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A Saudi team of female Saudi students, "Team Extreme", and its 18 year-old mentor recently received top awards at the 20th For Inspiration and Recognition of Science and Technology (FIRST) Championship held last month in St. Louis, Missouri in the United States. King Saud University, one of the Kingdom's engines of innovation, hopes it can help Team Extreme further develop their product.
The team received first place in the FIRST LEGO League's World Festival Division, the most advanced of three divisions in the three-day competition. The Championship, sponsored by the LEGO Company, featured more than 600 teams from 29 countries, all having qualified from preliminary competitions in which 17,000 teams participated.
Saudi Arabia’s team claimed the World Festival's Research Award, finishing ahead of South Korea and the United States. The Saudi team's Raghad Althubaiti, an 18-year-old high school senior, won the Young Adult Mentor Award, a category for the outstanding leader in high school or college providing stellar support, making a dramatic impact and providing invaluable guidance and inspiration.
“She [Althubaiti] taught the importance of core values, teamwork skills as well as life-long skills,” an official said at the presentation. “She brought this team all the way from Saudi Arabia.
While the first two divisions use conventional plastic LEGO products for their projects, the World Festival Division involves a more sophisticated and ambitious competition format in which specialized LEGO products, unavailable in mainstream markets, are utilized. In a competition in which contestants were required to produce a biomedical robotic project addressing severe injuries or genetic diseases, the Saudi team produced RecoGlasses, designed to enable Alzheimer’s patients to better identify friends and relatives.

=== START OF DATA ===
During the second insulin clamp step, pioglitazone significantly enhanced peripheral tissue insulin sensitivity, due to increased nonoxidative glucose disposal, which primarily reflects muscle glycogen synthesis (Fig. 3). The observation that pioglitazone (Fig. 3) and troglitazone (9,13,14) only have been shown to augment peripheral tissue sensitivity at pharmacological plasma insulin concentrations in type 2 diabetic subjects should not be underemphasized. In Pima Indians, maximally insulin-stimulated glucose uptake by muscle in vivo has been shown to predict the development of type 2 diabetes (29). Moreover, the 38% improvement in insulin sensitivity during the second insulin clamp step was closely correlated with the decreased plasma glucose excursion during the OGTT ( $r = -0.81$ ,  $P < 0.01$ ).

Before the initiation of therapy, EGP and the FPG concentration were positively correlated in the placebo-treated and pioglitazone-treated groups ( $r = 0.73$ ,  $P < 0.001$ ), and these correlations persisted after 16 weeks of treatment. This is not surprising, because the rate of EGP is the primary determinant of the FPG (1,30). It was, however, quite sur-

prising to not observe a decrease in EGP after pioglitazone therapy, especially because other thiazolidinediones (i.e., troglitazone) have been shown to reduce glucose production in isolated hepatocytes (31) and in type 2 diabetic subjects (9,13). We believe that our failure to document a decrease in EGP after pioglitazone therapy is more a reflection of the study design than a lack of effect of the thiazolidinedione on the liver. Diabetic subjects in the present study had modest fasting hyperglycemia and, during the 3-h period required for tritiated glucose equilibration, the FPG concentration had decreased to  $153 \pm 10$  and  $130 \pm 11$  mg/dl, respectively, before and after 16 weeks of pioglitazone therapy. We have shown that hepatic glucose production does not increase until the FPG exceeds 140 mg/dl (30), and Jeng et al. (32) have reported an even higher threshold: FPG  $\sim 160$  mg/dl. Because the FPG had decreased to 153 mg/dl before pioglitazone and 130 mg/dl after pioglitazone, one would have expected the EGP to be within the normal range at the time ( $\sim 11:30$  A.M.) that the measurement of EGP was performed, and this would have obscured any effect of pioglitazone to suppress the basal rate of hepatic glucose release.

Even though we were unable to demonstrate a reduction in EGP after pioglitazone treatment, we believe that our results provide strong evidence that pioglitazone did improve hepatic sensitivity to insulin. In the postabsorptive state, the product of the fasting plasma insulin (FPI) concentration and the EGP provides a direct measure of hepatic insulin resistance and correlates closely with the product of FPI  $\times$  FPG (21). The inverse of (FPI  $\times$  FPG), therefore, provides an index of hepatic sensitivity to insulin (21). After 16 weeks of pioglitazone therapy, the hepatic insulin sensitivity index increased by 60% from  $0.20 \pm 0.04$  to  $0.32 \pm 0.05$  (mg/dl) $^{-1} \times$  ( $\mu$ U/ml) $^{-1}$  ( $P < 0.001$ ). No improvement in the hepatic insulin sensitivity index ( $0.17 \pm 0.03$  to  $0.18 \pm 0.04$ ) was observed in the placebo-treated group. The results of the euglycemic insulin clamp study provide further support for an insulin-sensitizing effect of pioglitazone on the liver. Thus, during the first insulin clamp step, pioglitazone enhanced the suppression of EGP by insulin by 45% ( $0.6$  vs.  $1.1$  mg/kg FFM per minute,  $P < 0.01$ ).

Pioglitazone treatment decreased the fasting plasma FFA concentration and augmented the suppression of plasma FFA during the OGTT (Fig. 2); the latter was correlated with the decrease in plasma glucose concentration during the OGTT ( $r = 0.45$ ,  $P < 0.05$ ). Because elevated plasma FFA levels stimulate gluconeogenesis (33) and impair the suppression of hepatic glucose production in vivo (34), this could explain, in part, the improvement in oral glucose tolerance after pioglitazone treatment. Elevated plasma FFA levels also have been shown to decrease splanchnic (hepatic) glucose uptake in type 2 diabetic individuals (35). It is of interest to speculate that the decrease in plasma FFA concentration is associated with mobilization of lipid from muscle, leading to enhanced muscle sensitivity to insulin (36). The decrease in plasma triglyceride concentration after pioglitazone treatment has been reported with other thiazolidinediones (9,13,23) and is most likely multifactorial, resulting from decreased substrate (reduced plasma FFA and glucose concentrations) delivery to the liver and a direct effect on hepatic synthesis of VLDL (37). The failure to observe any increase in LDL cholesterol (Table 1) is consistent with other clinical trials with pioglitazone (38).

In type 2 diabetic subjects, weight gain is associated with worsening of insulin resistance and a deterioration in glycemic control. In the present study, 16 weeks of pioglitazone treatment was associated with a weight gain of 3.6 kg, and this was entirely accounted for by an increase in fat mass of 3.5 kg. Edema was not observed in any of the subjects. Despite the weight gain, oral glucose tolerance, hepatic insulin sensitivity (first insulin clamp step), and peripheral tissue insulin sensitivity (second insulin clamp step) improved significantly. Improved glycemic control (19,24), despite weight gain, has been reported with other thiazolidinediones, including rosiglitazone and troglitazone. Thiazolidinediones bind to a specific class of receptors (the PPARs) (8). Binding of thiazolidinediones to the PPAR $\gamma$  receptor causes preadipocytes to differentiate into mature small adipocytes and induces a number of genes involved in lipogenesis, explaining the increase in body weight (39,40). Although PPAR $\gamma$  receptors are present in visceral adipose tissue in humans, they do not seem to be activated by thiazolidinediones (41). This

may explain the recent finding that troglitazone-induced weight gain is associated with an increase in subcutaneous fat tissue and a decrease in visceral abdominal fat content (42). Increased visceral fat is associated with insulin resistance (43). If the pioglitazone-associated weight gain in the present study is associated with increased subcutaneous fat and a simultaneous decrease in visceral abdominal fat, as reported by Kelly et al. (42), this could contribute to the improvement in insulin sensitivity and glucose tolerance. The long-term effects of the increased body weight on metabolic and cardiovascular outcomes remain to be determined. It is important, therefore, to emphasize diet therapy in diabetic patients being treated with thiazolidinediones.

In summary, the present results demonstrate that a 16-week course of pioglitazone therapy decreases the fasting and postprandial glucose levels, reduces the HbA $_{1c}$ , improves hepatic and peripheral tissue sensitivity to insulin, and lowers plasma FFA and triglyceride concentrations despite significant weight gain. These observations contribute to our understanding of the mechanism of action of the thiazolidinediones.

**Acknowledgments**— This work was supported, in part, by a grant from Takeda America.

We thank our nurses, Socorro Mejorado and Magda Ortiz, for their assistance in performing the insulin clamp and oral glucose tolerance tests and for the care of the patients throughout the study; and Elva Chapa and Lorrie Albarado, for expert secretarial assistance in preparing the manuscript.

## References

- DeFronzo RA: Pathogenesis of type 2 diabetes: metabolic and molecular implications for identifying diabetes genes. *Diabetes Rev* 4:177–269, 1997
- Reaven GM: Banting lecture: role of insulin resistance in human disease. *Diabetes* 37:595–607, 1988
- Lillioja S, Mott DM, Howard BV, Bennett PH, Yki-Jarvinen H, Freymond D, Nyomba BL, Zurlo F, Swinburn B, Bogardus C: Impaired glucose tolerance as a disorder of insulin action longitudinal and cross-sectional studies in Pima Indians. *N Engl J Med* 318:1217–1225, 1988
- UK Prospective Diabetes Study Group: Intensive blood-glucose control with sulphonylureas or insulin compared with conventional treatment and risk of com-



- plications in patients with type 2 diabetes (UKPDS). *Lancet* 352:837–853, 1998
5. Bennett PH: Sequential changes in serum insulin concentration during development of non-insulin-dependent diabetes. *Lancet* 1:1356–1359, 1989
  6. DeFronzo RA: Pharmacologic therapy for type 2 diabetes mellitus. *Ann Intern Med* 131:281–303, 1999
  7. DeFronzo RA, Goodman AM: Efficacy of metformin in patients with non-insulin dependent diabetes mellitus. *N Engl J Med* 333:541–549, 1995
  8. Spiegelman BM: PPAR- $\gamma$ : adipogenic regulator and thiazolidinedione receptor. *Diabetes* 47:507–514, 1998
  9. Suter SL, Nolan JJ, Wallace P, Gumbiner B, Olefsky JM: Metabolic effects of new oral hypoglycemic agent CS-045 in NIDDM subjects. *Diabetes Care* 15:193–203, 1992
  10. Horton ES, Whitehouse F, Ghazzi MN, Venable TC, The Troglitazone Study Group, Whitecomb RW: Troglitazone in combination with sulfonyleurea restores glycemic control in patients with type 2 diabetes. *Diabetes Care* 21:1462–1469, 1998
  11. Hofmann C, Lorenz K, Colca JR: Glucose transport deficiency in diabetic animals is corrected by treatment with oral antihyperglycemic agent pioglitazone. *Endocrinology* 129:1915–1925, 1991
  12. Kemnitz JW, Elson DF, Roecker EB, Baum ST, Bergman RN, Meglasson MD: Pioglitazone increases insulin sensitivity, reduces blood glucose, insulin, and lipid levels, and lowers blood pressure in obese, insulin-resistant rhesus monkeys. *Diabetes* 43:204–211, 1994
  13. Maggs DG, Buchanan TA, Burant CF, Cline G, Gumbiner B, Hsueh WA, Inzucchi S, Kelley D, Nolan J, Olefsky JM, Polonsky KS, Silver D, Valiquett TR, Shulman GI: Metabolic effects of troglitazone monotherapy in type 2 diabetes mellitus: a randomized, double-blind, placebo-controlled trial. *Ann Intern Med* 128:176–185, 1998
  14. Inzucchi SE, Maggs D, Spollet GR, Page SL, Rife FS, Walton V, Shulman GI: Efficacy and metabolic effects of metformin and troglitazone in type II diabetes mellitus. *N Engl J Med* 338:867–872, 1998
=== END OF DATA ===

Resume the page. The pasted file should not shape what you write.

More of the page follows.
Dean Kamen, the FIRST founder and an inventor, was delighted by the results of the 2011 competition which will provide $14.8 million in scholarship support, but emphasized that he wasn’t surprised by the participants' amazing projects.
“Every year, we celebrate the achievements of the best young minds in science and innovation at the FIRST Championship,” he said. “We continue to be impressed by the level of dedication, collaboration and the high caliber of problem-solving skills among our FIRST students.
“These young innovators will be handling the complex challenges of the 21st Century and bolstering our global economy with new research, inventions and jobs.”
King Saud University, through its various resources for technology incubation, looks forward to helping the team develop their invention, while the University's Intellectual Property and Technology Licensing Program (IPTL) will act as a channel through which the young inventors can obtain support for protecting, filing, marketing and transforming their inventions into commercial and industrial products.